Thai Forestry: A Critical Historyby Ann Danaiya Usher
For nearly a century, Thai state forestry has focused overwhelmingly on extracting timber and keeping local people away from the forests. In forest ecosystems that contain some three thousand species of trees, Thai state foresters have concentrated on just three—teak, pine, and eucalyptus. While in recent years foresters have shifted their focus to conservation, they continue to pursue policies that marginalize communities, leaving them with little option but to protest and resist.
Ann Danaiya Usher examines the historical ideas and styles of forestry that have long influenced the practice of Thai state forestry. She also traces the origins of the century-old conflict between foresters and forest communities and argues that unless some kind of resolution is found, the loss of forest is almost certain to continue until there is little left to protect. Thai Forestry: A Critical History builds on Ann Danaiya Usher’s work at The Nation in the 1990s and challenges all who care about Thailand’s environment to reexamine its history in the search for creative, genuine solutions.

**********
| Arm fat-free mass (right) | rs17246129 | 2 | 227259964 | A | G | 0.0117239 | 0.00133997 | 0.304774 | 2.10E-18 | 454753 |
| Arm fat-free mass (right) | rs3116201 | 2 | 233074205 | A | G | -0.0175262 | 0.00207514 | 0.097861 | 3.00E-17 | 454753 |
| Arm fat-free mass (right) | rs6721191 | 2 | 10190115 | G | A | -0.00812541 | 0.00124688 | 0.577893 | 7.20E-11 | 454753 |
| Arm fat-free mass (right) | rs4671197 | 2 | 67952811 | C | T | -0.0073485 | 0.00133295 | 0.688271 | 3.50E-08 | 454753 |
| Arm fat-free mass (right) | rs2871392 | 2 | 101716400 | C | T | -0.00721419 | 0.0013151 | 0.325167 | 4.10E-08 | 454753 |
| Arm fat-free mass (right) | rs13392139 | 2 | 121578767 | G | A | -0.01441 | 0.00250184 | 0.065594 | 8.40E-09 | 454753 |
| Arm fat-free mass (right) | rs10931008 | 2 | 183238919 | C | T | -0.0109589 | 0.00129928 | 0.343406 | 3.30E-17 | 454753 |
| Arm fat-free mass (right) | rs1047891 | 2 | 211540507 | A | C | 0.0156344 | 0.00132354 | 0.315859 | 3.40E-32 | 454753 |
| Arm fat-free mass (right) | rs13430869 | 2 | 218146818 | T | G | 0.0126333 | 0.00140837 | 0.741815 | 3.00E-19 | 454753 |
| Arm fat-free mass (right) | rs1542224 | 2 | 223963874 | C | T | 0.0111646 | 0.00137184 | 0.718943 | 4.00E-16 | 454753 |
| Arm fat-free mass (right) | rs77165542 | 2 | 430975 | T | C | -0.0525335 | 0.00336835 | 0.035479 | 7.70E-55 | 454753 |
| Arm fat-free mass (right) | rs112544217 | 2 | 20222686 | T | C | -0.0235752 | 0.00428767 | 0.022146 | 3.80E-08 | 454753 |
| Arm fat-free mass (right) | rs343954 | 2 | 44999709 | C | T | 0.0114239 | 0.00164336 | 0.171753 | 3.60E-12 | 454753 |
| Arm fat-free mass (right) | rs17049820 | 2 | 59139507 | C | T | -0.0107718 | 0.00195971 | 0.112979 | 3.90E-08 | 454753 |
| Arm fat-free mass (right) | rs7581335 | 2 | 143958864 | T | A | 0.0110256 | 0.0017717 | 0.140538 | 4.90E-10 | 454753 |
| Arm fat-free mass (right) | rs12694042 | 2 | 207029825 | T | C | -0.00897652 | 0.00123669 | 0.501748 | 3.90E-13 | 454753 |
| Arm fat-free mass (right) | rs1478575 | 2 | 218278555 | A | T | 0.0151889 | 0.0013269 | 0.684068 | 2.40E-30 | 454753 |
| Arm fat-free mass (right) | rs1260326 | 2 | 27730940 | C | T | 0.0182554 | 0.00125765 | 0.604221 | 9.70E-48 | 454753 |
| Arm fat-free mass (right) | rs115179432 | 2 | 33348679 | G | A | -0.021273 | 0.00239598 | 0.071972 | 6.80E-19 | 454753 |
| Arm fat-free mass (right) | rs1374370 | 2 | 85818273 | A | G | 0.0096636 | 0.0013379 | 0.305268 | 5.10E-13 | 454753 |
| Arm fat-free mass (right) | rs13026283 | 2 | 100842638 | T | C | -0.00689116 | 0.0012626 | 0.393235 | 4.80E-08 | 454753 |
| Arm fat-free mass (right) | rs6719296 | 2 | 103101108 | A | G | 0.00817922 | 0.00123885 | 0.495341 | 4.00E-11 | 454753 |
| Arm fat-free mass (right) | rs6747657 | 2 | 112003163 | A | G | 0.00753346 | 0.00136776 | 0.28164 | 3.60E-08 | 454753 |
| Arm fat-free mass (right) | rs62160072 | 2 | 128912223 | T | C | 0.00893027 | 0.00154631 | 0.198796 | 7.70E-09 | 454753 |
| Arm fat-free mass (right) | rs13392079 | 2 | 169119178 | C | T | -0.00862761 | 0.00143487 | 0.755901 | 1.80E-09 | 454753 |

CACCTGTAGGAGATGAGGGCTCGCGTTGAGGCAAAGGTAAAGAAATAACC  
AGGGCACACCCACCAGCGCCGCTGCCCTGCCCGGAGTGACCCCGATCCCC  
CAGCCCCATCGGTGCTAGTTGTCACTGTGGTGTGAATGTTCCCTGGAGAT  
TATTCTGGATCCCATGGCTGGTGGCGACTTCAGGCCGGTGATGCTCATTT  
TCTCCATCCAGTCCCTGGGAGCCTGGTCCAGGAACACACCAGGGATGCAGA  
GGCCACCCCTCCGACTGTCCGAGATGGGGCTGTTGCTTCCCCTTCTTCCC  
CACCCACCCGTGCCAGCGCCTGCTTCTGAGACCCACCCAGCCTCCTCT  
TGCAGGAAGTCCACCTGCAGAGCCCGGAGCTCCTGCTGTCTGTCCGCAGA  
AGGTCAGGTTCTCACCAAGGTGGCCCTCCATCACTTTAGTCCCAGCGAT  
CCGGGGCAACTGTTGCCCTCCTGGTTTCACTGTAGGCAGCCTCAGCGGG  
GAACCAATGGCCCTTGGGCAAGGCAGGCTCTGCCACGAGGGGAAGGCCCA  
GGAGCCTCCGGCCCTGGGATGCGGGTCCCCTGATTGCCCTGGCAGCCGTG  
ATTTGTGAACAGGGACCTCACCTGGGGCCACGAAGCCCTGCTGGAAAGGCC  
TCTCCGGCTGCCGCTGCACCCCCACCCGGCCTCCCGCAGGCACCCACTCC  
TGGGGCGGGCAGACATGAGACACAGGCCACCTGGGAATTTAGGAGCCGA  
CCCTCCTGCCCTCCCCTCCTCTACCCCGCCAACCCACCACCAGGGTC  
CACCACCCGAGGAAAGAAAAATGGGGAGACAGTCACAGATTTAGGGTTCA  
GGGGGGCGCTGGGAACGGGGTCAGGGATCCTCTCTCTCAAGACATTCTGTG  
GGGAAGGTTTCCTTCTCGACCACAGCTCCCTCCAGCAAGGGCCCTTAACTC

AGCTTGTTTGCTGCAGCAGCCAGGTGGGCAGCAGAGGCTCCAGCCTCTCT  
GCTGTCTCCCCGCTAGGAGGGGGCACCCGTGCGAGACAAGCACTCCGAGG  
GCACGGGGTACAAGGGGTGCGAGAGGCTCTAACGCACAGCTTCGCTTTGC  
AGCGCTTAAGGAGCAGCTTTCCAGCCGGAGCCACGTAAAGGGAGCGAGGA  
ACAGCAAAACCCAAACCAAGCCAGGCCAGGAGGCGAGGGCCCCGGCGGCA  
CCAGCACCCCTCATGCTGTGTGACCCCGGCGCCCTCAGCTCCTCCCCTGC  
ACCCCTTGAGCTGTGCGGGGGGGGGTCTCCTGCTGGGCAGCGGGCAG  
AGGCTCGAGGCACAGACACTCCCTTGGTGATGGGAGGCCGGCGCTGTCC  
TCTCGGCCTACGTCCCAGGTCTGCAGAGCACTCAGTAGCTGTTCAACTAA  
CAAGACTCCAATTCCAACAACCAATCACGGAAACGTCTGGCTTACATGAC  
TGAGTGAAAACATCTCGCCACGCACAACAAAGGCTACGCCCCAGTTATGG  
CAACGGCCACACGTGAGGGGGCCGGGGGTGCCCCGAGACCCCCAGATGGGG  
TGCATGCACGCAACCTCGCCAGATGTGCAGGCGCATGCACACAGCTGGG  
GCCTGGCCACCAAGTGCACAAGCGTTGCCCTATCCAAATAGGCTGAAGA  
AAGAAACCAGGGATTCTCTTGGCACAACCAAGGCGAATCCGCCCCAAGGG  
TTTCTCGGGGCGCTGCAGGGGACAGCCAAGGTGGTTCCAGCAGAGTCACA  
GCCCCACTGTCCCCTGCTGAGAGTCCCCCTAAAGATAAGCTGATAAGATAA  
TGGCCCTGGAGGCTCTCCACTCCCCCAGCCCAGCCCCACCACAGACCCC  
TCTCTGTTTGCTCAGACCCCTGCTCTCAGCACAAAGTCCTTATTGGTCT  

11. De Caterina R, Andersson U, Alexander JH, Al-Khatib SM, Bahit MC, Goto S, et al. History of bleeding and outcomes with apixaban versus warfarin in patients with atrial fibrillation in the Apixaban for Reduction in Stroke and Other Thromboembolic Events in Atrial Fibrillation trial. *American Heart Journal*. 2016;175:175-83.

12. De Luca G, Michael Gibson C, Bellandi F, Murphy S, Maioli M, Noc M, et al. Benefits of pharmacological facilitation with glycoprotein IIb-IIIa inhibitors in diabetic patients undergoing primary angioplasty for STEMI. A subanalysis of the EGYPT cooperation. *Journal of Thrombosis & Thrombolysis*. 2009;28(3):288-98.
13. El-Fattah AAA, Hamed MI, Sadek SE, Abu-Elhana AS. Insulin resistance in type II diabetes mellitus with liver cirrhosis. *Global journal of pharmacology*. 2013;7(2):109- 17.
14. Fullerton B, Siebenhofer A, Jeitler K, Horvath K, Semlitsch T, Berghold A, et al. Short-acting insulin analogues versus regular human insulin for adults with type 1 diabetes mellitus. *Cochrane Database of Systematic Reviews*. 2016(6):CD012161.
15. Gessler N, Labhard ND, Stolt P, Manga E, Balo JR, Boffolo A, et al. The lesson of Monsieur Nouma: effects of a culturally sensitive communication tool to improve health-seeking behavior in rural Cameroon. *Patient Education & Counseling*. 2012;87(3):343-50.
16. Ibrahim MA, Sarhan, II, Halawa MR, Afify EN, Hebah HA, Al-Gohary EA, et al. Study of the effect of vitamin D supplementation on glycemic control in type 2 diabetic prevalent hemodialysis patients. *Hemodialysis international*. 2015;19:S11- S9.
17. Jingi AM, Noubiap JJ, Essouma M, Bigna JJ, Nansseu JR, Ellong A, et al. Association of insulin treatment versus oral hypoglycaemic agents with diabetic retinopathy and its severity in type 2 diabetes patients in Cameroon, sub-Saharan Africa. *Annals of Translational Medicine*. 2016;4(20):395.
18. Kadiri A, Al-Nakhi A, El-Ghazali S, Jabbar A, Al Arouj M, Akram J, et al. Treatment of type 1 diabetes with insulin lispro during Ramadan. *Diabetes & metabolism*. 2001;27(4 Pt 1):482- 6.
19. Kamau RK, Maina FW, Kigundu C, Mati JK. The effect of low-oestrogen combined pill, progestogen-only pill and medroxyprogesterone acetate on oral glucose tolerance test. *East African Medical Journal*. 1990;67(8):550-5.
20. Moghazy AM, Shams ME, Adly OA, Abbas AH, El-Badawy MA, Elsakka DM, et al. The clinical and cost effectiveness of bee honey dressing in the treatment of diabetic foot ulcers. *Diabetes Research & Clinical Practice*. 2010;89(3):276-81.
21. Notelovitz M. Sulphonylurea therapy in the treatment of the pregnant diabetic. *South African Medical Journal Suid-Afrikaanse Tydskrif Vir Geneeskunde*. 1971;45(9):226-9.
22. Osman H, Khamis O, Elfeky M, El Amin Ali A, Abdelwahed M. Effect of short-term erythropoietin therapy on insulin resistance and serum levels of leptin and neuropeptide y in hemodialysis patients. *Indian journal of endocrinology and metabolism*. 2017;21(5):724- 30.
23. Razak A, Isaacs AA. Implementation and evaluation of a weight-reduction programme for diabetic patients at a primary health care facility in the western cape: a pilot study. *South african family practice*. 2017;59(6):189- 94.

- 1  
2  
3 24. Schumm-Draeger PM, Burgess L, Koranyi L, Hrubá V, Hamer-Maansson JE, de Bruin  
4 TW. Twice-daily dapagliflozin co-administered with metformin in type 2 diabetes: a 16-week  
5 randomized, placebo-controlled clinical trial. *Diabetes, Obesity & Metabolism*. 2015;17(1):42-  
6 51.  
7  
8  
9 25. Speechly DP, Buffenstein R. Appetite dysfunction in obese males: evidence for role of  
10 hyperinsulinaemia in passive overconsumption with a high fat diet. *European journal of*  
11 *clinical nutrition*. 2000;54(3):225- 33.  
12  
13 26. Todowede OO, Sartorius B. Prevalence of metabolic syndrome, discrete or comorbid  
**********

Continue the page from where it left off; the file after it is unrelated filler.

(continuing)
What others are saying
“I wish I could have read this book fifty years ago. Details of Thai forest history are rarely documented and difficult to access. By recording the major events and intellectual history of forestry development in Thailand, the author has provided a critically needed study, one that I hope will inspire a ‘reinventing’ of Thai forestry that promotes the well being of both the forests and the people who live there.”—Somsak Sukwong, former Dean of Forestry, Kasetsart University, and Founding Director, Regional Community Forestry Training Center for Asia and the Pacific (RECOFTC)
“This is an extraordinary book: a critical biography of forestry in Thailand and its political and social ramifications. For foresters and anyone concerned about environmental well-being, this is a must-read.”—Pinkaew Laungaramsri, author of Redefining Nature: Karen Ecological Knowledge and the Challenge to the Modern Conservation Paradigm
About the Author
is a Thai-Canadian journalist who has written on environmental and development issues since 1987. She was a pioneer of environmental journalism in Thailand, and in 1990 received the Thai Reporters’ Association’s first-ever Environmental Reporter of the Year Award. She is currently an editor of the Nordic journal Development Today.
- Review of Thai Forestry: A Critical History, by Thomas Enters (Journal of the Siam Society, Vol. 98, 2010)
- Review of Thai Forestry: A Critical History, by Peter Oâ€™Donnell (New Mandala, 22 January 2010)
- Seeing the Forest for the Trees: A history of Thailand’s forests, foresters and forest-dependent people, by Philip Hirsch (Bangkok Post, 25 January 2010)